The business of being organized has become a thriving industry, with the home organization product market alone expected to increase 3.6 percent annually to $8.6 billion in 2015, according to international business research company The Freedonia Group. Add to that a steady stream of books, magazines, television shows and consultants dedicated to helping people get it together, and the sky’s the limit.
But what are we really striving for when we clean out our closets or label the shelves in our pantries? For expert Julie Morgenstern, author of Organizing from the Inside Out, the answer is pretty simple. “People crave a feeling of control in their lives,” she explains. “When people don’t feel their space is organized, there can be a certain anxiety. They don’t feel ready. I think, ultimately, being organized makes you feel like you are ready for anything.”
It’s getting to that “organized” state that can prove challenging. Some people effortlessly go through life with a clean car and clutter-free counters and desks while others are surrounded by a big mess wherever they set foot. So, is being organized inherent or learned?
“It’s both,” asserts Louise Kurzeka, member of the National Association of Professional Organizers and owner of Everything’s Together. “Some of us are born natural organizers. [We] see space relationships, structure and sequence easily, making organization a simpler process. Others lack those natural abilities but can improve their skills by learning how to create and use good organizational systems.”
Furthermore, people have an individual sense of what constitutes order, and some are just more comfortable with the chaos than others. “I think people have different tolerances for [disorganization], says Morgenstern.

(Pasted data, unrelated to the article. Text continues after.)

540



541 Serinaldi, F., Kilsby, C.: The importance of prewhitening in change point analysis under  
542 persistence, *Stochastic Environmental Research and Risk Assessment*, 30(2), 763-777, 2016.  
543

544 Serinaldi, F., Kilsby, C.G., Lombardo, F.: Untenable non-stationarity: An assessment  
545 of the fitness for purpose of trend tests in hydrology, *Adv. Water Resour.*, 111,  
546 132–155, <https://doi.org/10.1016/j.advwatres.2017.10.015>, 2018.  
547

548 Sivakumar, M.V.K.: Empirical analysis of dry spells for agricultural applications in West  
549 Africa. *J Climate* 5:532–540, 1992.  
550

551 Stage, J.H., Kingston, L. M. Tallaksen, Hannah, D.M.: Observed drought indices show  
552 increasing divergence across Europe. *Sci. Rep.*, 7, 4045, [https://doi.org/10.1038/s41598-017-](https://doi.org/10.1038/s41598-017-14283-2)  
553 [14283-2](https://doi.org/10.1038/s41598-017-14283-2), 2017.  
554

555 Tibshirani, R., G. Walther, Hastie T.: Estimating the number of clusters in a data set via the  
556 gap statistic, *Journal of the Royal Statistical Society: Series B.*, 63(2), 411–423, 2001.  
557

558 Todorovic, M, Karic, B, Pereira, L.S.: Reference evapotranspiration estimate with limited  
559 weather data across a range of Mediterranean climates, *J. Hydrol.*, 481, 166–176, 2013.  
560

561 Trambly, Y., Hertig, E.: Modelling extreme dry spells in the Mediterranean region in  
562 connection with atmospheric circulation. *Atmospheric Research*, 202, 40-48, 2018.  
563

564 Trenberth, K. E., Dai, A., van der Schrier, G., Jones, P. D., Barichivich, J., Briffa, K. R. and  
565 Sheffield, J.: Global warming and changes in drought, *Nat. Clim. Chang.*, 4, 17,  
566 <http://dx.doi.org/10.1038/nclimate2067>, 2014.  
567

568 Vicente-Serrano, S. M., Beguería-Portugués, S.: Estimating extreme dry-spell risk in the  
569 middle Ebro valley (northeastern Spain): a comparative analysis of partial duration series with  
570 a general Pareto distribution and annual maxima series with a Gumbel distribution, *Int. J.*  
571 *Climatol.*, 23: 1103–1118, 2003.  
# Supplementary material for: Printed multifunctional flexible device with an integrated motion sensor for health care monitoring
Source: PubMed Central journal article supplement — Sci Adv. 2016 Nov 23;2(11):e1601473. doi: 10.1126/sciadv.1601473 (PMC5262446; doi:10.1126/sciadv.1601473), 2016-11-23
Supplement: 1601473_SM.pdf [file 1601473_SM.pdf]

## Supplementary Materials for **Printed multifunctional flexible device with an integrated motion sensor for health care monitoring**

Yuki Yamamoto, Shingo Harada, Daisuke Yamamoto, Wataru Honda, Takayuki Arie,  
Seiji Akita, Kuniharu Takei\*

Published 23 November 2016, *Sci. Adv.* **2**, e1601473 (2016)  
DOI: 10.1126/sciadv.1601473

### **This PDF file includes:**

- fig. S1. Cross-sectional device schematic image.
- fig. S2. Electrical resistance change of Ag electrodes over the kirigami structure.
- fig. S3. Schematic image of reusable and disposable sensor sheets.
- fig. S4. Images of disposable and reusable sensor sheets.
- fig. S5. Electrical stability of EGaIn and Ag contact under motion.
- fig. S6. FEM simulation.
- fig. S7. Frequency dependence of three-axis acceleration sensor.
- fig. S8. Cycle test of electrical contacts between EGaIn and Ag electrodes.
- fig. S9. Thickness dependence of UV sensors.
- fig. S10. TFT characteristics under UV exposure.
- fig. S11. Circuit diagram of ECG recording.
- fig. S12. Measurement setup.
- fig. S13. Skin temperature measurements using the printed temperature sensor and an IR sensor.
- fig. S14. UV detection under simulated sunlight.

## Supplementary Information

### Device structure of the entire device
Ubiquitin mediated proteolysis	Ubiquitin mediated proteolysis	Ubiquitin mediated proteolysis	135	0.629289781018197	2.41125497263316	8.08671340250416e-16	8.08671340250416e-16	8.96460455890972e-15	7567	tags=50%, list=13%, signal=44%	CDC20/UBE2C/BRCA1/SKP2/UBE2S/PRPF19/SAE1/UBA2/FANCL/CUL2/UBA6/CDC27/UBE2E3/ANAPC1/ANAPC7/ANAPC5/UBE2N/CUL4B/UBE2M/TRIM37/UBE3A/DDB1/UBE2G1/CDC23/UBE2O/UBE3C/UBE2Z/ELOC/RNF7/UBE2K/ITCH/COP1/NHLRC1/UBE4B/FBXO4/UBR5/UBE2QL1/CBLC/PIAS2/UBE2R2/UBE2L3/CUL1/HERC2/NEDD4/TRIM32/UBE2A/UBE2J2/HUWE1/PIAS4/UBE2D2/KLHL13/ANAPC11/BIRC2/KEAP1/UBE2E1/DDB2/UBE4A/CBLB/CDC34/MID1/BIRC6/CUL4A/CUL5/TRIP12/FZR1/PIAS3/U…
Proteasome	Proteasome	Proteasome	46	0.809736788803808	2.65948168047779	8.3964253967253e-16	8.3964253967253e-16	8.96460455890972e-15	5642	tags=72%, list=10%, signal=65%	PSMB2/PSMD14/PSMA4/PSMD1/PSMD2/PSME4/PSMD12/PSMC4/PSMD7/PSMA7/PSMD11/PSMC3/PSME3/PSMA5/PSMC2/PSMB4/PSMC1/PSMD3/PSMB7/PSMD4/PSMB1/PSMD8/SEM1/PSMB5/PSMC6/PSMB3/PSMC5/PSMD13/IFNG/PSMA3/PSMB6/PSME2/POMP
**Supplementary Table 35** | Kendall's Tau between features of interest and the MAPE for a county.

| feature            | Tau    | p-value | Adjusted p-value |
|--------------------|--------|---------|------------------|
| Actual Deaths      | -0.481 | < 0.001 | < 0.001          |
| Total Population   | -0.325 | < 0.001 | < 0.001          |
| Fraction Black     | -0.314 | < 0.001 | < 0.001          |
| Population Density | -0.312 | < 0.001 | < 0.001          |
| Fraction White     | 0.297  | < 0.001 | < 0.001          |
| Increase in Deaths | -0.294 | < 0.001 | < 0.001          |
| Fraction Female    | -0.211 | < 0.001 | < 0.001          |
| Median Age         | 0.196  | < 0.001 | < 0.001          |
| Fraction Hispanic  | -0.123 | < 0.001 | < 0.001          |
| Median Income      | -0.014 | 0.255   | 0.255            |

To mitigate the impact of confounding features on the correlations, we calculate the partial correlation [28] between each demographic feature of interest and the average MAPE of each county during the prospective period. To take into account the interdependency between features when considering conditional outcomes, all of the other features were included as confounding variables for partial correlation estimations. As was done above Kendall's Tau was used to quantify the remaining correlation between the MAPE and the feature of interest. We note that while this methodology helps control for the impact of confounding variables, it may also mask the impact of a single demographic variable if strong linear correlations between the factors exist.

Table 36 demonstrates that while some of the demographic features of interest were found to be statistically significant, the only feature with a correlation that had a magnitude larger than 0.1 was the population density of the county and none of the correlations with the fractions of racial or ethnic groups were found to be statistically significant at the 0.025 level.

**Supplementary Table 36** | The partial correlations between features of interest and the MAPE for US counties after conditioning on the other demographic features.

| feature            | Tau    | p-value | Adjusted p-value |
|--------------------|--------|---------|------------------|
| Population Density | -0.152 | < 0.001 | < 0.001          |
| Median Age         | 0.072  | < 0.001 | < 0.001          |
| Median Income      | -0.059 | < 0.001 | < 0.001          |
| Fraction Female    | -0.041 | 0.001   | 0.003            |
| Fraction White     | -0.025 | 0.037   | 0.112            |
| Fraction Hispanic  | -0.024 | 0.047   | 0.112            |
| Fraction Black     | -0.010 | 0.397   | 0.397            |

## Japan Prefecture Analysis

Given how widely personalities can vary, it’s no surprise that there isn’t a one-size-fits-all method of organizing for everyone. “You have to find something that works for you,” says Morgenstern.
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Some experts such as Lanna Nakone, owner of Organized World and author of Organizing for Your Brain Type, believe that your organizing style corresponds to your general style of thinking. Her model includes four styles: maintaining, harmonizing, innovating and prioritizing.
Those with the maintaining style thrive in order and predictability, where there’s a place for everything and everything has a place. “Organization for them is very structured and rigid,” she says. On the job, these are the people you can depend on for anything.
In contrast, people who fall into the category she refers to as a harmonizing style are social and sentimental. “Their purpose is to achieve harmony in all aspects of life,” says Nakone, “and their surroundings need to be very personal and comfortable.” These are the co-workers who adorn their cubicles with photos of their children and pets and plan the monthly potluck lunches.
People with Nakone’s innovating style are the visionaries, and they like to store everything out in the open because if they don’t, they might forget about it. At work, they’re “always on to 10 different things, and they tend to be sporadic organizers,” she says.
Those with the prioritizing style are the power players and decision makers. “These are the workaholics,” Nakone says.” They’re too busy to tend to the details, so they’re inclined to outsource their organizing, along with just about everything else.
Whatever your organizing style, in the end there’s only one way to tell if you’ve got it together, whether you’re operating as an individual or part of a greater team. “My test is, if you can find what you need when you need it in order to achieve your goals, you are organized,” sums up Morgenstern.
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